Story of the Month: Drinks In Venice

Karen looks around the lobby and sips her kir.  Her escort has just risen to greet some friends, three men and a woman.  He helps the woman take off her alpaca shawl.  Fall in Venice can be chilly.  Even cushioned in the splendor of the Danieli, a luxury hotel that was once a palace, Karen imagines she can feel on the back of her neck ancient, damp vapors, can smell the green-black moss that marks the waterline on the walls outside.

The woman sits down in the armchair next to Karen’s.  She smiles uncertainly at Karen, then turns to listen to the men, courting them with her ardent attention.

Karen remembers her first time.  It, too, was a fall night, cool and beguiling, but in Los Angeles.  She wore a necktie, an extravagant, wide purple tie from the 1940’s that she had gotten from a dumpster on Houston Street in Manhattan.  It made her feel sexy.

They went to one of the city’s most expensive restaurants, she and her new lover Emilio and his former lover, Dennis.  Karen remembers there was a lot of wine, different ones with different courses.  Dennis did all the ordering.  A menu never appeared.

What she remembers most clearly is the fragrant wedge of melon draped with transparent slices of prosciutto somewhere in the middle of the meal.  It was an unfamiliar sequence of courses for her then, one she had read about but never experienced.  A lower middle-class girl from suburban Toledo having a palate cleanser.  She did not let Emilio and Dennis see she was impressed.  It turned out to be a sound instinct.

That night is ten years behind her now.  She still encounters Dennis from time to time at a screening or at someone’s opening.  Karen’s escort tonight and Emilio are friends.  Emilio is the kind who holds on to people, especially old lovers who are lively companions outside the bedroom.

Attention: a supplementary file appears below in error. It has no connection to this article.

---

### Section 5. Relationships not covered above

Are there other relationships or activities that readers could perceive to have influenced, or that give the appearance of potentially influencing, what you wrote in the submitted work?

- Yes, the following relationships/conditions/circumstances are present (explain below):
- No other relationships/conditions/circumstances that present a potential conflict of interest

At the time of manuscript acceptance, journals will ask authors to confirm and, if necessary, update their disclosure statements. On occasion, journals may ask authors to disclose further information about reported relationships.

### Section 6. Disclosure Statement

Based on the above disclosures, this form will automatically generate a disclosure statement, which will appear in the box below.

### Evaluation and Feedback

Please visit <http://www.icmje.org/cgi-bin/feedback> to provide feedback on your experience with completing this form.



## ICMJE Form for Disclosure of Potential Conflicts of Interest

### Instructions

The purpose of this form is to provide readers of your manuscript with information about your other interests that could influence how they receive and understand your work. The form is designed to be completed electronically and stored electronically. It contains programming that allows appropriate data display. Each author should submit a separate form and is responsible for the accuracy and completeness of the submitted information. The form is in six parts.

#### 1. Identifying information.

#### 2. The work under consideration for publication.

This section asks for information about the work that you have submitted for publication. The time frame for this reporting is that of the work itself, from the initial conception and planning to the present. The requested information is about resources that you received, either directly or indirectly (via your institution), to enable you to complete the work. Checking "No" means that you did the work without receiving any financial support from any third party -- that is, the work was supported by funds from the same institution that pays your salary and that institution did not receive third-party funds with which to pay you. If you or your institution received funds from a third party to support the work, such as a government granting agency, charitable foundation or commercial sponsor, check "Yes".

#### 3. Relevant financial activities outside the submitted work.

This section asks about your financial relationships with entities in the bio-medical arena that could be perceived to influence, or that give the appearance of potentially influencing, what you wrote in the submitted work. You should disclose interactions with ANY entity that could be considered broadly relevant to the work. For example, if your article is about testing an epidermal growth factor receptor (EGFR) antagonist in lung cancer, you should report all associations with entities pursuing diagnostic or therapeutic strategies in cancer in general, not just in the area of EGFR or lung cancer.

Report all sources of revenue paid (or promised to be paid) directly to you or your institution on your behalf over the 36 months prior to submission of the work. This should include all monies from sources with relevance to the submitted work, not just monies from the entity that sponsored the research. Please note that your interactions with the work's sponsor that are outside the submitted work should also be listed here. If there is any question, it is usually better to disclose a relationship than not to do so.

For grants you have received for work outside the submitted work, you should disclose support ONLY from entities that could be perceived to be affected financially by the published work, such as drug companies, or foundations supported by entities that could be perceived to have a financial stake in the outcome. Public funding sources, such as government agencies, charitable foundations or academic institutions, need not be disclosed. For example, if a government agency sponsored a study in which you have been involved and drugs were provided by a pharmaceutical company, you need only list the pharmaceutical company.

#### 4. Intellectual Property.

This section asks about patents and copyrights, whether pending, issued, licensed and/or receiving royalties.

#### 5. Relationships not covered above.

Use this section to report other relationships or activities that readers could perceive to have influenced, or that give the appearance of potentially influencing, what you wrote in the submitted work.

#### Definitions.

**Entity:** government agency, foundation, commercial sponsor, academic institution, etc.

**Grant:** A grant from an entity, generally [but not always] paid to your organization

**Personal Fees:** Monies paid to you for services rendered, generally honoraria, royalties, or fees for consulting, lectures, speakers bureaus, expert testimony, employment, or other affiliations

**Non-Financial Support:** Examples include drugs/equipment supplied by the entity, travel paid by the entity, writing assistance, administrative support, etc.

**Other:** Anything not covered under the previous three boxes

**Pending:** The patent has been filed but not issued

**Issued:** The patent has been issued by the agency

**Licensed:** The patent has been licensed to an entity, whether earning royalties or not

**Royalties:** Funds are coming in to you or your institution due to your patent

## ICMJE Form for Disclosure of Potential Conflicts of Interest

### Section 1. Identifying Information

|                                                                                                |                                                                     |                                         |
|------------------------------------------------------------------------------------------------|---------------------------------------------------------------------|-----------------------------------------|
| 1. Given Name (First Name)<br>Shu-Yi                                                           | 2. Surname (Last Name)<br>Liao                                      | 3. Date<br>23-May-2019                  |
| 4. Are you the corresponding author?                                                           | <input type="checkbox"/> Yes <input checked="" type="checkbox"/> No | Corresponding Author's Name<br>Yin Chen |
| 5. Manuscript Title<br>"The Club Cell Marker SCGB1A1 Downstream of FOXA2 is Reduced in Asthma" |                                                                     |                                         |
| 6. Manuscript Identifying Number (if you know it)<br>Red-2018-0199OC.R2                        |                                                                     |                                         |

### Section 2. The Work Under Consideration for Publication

Just last month, Karen had spent a long, discursive afternoon with Emilio.  She explored with him the intricacies of his current romance; he showed her his most recently-acquired paintings; she recommended a new poet she’d been reading.  As she was leaving, he reached absent-mindedly into a drawer and gave her a hand-tooled silver bracelet that had been his grandmother’s.  He would not let her refuse it.  She said she’d consider it a loan.

There has been in all Karen’s experiences with privileged men an air of instruction.  And she has acquiesced by being observant and sometimes imitative or, within the bounds of their amusement, iconoclastic.  Bare feet at the Annapolis Yacht Club; one bare breast at a Dada opening at the Philadelphia Museum of Art.  Such men enjoy wit and daring in a woman, the excitement of danger in harness.

The woman beside Karen in the Danieli occupies her chair like a guest let in by mistake, as if her tasteful dress and new Florentine shoes were rented.  Karen feels at home, but she still recognizes the careful poise of the interloper, even after all the clever words, the confident smiles, the unbegrudged kisses.  She appears to slouch comfortably, but her spine is straight.

Karen notices, too, how young the woman looks; her smooth, pale face has not one line anywhere on it.  But beauty is not enough here.  Karen knows this so well it is not even a conscious thought any longer, but more like the semi-automatic knowings of how to sit down in a short skirt, how to swim without wetting her hair, or how to say fuck judiciously.

The woman’s tentativeness reminds Karen of a custom in feudal Japan whereby a married woman in love with a man not her husband could send that man another woman to make love to him in her place.  Karen is not a married woman, but she is intrigued by the idea of giving this lovely woman to her escort.  She knows the gesture would please him.  So much so, she realizes, that it will be enough simply to tell him she has thought of it.  She smiles to herself, calculating the moment she will say it, anticipating the brightening of his hunger for her.

The men are guffawing together over some remark one of them has just made.  Karen’s escort leans forward in his seat, both feet flat on the floor and wide apart, easy and eager, as if he were on the winning team’s bench at an athletic event.

Karen catches the young woman’s eye and looks at her with affectionate complicity.

“Is this your first time in Venice?” she asks her.


“Drinks in Venice” was published in the journal Ignis Fatuus, Bisbee, AZ, 1994.


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